"The Handmaid's Tale," Hulu's new show about a chilling dystopia, is ever more relevant to the world we are living in today. Based on Margaret Atwood's novel of the same name, the show revolves around the life of a rebellious handmaid.

It's Danger 24/7

In a world where frolicking Scrabble pieces is a fast pass to exile and your everyday fashion incorporates a circa-1600 bonnet, you ought to be clever about your every move.

For Offred, the main protagonist in the eerie dystopia of Gilead, it is a matter of life and cleaning up toxic wastes in some obscure far away land. Offred, or of-Fred, is a handmaid under the possession of high-ranking commander Fred Waterford. A handmaid in Gilead dictionary is equivalent to a baby-making machine and an antidote to the high infertility rate which plagued the nation and led to its ultimate conservative revolution – hey, so no more Ubers, coffee runs, and tank tops.

It's confusing at times

Initially, the show piloted with a 50-minute episode which made its audience almost feel claustrophobic to the amount of information crammed in one airing. It is not until the second episode when Offred's situation can be figured to the full sense.

While the random flashbacks of Offred's previous life (Volvo, iPhone, and Nordstrom) are intertwined cleverly with scenes of her current life that draw vivid contrasts, they can be ultra-confusing at times.

In short, the show's producer Bruce Miller seems to have a knack for leaving things unexplained, for this technique could be effective in creating suspense, however it could also leave lingering questions as missing pieces in the already complex jigsaw Puzzle.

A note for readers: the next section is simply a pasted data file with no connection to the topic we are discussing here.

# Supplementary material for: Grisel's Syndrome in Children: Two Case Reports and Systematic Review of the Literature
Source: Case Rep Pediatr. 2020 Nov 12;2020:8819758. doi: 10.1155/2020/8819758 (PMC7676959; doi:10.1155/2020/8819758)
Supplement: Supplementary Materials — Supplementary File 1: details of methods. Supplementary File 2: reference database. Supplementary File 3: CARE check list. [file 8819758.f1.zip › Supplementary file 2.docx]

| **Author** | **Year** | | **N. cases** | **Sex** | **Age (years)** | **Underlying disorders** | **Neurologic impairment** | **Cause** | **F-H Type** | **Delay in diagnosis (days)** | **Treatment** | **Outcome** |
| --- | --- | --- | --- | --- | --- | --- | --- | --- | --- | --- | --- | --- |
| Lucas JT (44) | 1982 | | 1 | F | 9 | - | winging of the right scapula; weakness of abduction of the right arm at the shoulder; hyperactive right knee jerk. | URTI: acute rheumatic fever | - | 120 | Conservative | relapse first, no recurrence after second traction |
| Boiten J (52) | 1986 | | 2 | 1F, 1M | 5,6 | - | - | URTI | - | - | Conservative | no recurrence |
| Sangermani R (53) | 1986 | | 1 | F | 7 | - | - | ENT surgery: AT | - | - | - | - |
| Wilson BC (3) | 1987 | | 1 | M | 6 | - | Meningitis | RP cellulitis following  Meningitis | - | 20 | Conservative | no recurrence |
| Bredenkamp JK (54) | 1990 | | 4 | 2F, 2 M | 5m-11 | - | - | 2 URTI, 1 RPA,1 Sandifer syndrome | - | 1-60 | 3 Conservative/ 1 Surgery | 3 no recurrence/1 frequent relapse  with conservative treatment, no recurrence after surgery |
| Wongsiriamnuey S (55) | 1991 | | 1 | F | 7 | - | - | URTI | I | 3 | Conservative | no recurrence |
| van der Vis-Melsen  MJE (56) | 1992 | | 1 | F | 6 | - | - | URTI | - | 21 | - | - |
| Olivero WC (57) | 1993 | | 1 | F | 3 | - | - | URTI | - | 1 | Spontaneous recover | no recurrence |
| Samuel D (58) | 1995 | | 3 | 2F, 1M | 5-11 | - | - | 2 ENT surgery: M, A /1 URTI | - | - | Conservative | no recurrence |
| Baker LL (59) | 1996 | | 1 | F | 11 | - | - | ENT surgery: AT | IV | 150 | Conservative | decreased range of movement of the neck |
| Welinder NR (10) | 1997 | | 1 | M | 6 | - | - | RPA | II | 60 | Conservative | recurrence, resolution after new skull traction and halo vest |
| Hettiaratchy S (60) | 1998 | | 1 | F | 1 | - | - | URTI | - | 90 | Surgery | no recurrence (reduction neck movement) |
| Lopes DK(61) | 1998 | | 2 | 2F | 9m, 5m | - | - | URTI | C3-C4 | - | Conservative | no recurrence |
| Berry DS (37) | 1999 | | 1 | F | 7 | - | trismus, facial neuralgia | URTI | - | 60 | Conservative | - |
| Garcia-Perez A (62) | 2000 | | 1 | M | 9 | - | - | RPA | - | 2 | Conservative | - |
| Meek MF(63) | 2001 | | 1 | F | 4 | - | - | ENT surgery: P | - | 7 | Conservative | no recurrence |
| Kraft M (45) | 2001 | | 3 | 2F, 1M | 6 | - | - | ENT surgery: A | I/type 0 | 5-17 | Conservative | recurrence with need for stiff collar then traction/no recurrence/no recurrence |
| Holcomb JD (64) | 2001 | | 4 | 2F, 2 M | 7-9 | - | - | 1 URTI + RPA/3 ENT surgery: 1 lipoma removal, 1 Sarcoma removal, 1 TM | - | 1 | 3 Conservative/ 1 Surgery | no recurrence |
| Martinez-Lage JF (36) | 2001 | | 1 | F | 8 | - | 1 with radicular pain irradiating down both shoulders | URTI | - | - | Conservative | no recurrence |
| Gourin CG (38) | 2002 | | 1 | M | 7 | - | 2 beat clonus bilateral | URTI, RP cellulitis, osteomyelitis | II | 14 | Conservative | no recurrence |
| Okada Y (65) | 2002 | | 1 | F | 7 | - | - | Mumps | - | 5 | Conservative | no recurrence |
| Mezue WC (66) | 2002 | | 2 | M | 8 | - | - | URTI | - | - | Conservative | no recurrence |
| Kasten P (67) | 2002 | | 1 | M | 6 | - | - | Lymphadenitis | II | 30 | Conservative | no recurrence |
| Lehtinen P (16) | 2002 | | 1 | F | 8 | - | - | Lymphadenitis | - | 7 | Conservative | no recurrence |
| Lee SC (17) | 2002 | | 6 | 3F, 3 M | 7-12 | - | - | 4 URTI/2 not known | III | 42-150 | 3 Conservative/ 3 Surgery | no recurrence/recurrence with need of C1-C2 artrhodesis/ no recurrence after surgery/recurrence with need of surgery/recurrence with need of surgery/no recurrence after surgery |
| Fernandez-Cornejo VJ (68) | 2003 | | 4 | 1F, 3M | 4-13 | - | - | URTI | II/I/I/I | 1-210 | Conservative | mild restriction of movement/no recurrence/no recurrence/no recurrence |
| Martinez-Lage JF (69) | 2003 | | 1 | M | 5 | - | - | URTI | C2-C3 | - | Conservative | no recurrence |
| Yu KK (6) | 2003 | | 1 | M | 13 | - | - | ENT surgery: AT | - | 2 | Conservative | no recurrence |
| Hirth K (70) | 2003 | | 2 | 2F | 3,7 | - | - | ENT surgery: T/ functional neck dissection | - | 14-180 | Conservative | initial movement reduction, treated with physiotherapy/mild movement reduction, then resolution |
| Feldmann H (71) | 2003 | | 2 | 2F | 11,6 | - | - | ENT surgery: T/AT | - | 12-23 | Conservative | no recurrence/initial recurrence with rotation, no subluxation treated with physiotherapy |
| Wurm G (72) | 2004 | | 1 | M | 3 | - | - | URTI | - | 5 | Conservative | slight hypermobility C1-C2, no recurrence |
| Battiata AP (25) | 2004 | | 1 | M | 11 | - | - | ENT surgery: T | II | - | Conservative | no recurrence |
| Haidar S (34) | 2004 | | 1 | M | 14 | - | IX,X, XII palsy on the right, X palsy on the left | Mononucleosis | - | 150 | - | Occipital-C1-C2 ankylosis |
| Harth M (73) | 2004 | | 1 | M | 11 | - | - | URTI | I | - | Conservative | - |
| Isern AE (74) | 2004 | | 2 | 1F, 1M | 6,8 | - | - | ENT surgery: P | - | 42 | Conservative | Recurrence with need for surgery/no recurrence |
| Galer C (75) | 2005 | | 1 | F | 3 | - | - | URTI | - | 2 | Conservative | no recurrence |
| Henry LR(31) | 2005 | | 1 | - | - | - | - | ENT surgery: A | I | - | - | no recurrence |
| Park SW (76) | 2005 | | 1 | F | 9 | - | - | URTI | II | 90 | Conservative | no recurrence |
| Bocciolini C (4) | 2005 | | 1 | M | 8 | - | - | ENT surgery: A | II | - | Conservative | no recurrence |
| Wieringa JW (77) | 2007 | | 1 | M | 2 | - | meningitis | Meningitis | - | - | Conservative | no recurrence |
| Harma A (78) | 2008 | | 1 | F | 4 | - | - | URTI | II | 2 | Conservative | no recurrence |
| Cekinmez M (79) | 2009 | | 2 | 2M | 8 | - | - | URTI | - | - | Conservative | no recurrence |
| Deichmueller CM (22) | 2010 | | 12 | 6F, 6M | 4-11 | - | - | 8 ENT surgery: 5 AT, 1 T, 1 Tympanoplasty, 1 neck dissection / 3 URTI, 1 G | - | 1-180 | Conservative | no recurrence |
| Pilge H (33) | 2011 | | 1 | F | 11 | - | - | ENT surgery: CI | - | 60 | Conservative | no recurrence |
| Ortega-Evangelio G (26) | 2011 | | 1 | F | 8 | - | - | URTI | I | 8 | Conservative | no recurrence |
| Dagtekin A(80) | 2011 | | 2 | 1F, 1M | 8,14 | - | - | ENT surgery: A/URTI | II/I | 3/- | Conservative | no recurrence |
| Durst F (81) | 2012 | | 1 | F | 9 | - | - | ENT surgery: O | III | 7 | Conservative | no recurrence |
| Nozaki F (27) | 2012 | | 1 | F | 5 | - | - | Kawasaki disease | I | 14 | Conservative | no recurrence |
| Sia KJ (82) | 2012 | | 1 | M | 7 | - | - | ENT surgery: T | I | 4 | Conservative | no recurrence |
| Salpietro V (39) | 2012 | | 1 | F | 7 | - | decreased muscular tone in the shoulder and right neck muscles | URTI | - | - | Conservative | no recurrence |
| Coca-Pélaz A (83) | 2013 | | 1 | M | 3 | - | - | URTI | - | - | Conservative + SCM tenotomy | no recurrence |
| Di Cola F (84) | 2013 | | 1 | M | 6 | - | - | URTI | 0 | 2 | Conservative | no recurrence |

Watch out for underlying symbols

Where is Offred's baby and where did Moira go after her abrupt train ride? Ultimately, we wonder: how do we solve this jigsaw puzzle with ease?

This question desired by those who binged watched this series with our bottoms on the edge of our seats is almost undeniably hard to answer.

I would say to give notice to the little details which make this series even more grandiose than it already is. There is an old Latin saying that reminds me of Gilead: Fiat Lux. As cliché as it sounds, "Let there be light" is an omnipotent phrase that prevails both physically and metaphorically in this machine-gun-filled dystopia.

The windows that illuminate the Waterford house, the beacon of hope from Offred's memories and the repetitive panoramic view of sunny Gilead are perhaps all contrived to make this world a little more relatable or a little more bearable.

This might be our world

To be frank, I still have outtakes when the scenes shift from Offred trying to figure out her Tinder profile to a beautiful colonial house filled with handmaids learning the ways to conceive.

These fast scenes make Gilead rather unsettling but almost too real to be true.

As the New York Times reviewed mockingly "You may not believe that anyone, in real life, is actually Making America Gilead Again", the messages conveyed through this show might actually be worthwhile.

Peculiarly concurrent with some views of current America, Gilead resembles a resurgence of conservative movements and the lack of respect for women rights.

The Handmaid's Tale reminds us that there is a possibility that Gilead can be our world in a matter of time, but even in a world deprived of Ubers, there will always be defying voices of intellects which ultimately echo.

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